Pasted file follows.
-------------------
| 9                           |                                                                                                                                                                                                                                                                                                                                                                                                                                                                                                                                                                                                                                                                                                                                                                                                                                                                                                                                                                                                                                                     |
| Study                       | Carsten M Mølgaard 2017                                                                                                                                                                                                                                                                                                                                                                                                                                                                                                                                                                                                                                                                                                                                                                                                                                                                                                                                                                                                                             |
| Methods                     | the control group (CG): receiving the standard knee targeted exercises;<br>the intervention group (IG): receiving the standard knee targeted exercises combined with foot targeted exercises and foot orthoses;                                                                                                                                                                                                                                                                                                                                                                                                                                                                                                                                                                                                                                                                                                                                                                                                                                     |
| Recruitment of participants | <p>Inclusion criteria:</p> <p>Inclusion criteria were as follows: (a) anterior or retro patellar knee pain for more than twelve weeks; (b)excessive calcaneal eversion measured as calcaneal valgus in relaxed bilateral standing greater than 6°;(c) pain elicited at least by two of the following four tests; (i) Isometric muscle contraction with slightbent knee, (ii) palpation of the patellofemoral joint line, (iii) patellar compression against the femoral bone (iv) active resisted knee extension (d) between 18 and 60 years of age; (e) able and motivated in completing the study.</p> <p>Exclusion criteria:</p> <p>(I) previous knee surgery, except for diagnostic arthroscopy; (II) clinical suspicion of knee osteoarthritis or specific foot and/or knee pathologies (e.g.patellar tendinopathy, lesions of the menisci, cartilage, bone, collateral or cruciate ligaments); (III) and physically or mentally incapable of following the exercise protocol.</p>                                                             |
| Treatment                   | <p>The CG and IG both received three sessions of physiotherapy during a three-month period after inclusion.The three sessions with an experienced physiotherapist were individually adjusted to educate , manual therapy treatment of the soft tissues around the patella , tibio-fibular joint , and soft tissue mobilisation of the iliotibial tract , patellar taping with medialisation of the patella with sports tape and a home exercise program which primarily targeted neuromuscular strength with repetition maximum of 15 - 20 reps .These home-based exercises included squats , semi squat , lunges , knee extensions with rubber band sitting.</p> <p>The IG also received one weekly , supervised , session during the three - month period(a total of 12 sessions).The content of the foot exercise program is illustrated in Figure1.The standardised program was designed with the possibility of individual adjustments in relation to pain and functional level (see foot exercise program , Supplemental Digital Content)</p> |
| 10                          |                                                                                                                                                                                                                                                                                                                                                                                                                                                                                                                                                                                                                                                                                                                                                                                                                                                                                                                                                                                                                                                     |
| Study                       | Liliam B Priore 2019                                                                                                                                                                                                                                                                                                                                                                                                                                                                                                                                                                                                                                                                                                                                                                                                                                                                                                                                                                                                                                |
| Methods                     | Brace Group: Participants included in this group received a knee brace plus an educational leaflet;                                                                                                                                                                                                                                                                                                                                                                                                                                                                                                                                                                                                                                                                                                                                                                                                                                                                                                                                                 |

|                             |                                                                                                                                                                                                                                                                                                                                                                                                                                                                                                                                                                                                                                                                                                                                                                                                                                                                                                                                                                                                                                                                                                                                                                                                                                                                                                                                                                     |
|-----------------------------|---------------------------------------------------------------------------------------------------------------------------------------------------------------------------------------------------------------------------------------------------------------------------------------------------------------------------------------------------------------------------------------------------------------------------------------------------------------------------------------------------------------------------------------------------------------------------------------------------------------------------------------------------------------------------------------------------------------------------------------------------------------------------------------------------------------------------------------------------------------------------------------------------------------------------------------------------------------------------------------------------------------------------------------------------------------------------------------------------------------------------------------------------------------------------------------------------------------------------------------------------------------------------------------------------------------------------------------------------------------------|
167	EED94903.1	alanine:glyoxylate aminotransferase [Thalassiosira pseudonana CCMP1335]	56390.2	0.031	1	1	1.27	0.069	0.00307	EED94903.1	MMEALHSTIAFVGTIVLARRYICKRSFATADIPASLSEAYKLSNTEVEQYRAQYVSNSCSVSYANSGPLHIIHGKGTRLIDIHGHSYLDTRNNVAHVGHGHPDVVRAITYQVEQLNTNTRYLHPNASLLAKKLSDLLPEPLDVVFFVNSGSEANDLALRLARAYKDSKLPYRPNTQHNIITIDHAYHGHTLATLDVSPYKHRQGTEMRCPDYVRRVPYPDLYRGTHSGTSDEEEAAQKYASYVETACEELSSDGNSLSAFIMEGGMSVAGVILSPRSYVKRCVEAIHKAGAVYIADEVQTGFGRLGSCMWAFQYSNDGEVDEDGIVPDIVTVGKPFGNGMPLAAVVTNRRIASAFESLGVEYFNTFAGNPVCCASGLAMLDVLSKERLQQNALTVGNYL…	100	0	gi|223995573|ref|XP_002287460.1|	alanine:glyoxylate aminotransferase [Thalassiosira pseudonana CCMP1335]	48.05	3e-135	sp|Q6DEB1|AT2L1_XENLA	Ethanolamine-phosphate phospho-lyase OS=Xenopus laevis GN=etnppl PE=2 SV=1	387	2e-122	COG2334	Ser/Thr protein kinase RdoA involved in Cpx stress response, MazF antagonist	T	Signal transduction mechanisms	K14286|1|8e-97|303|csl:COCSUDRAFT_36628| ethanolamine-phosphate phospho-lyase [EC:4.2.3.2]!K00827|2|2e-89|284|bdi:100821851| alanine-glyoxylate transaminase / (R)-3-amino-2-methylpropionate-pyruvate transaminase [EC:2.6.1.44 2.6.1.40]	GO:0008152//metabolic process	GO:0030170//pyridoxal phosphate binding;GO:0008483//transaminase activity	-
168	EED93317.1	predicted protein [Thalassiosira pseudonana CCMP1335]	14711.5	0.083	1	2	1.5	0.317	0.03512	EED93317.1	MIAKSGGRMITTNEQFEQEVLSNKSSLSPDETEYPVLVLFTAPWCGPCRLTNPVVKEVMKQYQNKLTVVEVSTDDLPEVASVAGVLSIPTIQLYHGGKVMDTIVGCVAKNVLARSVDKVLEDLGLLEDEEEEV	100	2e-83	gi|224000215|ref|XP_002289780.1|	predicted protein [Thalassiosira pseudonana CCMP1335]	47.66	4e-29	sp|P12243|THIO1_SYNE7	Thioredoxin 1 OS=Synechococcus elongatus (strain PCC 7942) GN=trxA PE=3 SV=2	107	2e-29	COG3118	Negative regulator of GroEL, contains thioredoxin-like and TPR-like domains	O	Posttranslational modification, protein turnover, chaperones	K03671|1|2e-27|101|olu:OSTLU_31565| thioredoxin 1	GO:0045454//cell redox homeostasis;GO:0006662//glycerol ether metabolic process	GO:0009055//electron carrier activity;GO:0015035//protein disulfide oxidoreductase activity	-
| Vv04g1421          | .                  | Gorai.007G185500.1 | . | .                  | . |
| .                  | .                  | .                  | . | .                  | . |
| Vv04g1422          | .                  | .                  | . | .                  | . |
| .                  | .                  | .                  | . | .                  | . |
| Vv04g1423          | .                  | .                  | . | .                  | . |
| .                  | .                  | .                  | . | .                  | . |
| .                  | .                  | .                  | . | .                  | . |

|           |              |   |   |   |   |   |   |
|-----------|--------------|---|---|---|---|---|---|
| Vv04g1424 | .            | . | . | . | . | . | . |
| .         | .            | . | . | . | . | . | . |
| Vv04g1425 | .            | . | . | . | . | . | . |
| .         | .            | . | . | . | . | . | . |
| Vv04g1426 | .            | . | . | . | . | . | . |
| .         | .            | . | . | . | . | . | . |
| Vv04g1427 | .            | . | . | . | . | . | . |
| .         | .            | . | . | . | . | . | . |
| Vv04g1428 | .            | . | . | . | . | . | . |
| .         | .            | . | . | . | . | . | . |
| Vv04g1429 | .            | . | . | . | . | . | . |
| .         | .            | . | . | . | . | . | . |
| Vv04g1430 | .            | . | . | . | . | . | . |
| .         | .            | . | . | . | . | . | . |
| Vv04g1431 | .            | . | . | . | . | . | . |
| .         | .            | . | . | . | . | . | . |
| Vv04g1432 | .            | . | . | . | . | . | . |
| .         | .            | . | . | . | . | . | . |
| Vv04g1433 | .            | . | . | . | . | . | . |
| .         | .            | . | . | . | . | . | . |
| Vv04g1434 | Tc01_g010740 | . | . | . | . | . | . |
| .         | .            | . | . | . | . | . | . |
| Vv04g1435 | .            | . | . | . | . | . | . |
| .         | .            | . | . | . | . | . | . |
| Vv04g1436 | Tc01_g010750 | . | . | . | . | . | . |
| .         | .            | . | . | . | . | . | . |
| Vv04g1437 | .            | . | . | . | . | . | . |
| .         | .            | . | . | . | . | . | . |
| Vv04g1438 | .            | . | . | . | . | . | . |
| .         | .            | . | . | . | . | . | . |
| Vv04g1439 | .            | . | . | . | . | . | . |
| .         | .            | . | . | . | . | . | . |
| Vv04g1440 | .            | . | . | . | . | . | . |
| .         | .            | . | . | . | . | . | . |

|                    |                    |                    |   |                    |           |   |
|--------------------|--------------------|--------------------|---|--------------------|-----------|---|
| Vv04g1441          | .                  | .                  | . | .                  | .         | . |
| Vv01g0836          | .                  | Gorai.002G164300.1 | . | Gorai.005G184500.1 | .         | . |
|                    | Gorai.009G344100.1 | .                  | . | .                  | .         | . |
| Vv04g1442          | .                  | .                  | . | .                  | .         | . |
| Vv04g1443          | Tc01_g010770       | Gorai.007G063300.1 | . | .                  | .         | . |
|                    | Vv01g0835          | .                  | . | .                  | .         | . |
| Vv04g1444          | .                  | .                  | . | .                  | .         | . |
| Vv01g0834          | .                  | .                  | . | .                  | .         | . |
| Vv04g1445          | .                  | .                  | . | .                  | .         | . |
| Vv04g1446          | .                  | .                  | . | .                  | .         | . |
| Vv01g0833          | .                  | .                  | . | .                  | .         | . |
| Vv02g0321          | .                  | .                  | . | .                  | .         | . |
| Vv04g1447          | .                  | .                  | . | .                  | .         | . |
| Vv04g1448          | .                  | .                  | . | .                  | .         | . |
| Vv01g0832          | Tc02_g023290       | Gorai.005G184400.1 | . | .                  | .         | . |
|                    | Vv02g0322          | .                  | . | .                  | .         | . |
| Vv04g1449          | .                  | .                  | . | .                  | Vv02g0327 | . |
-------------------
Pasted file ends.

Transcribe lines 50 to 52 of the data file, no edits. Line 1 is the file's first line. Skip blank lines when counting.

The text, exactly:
| Vv04g1438 | .            | . | . | . | . | . | . |
| .         | .            | . | . | . | . | . | . |
| Vv04g1439 | .            | . | . | . | . | . | . |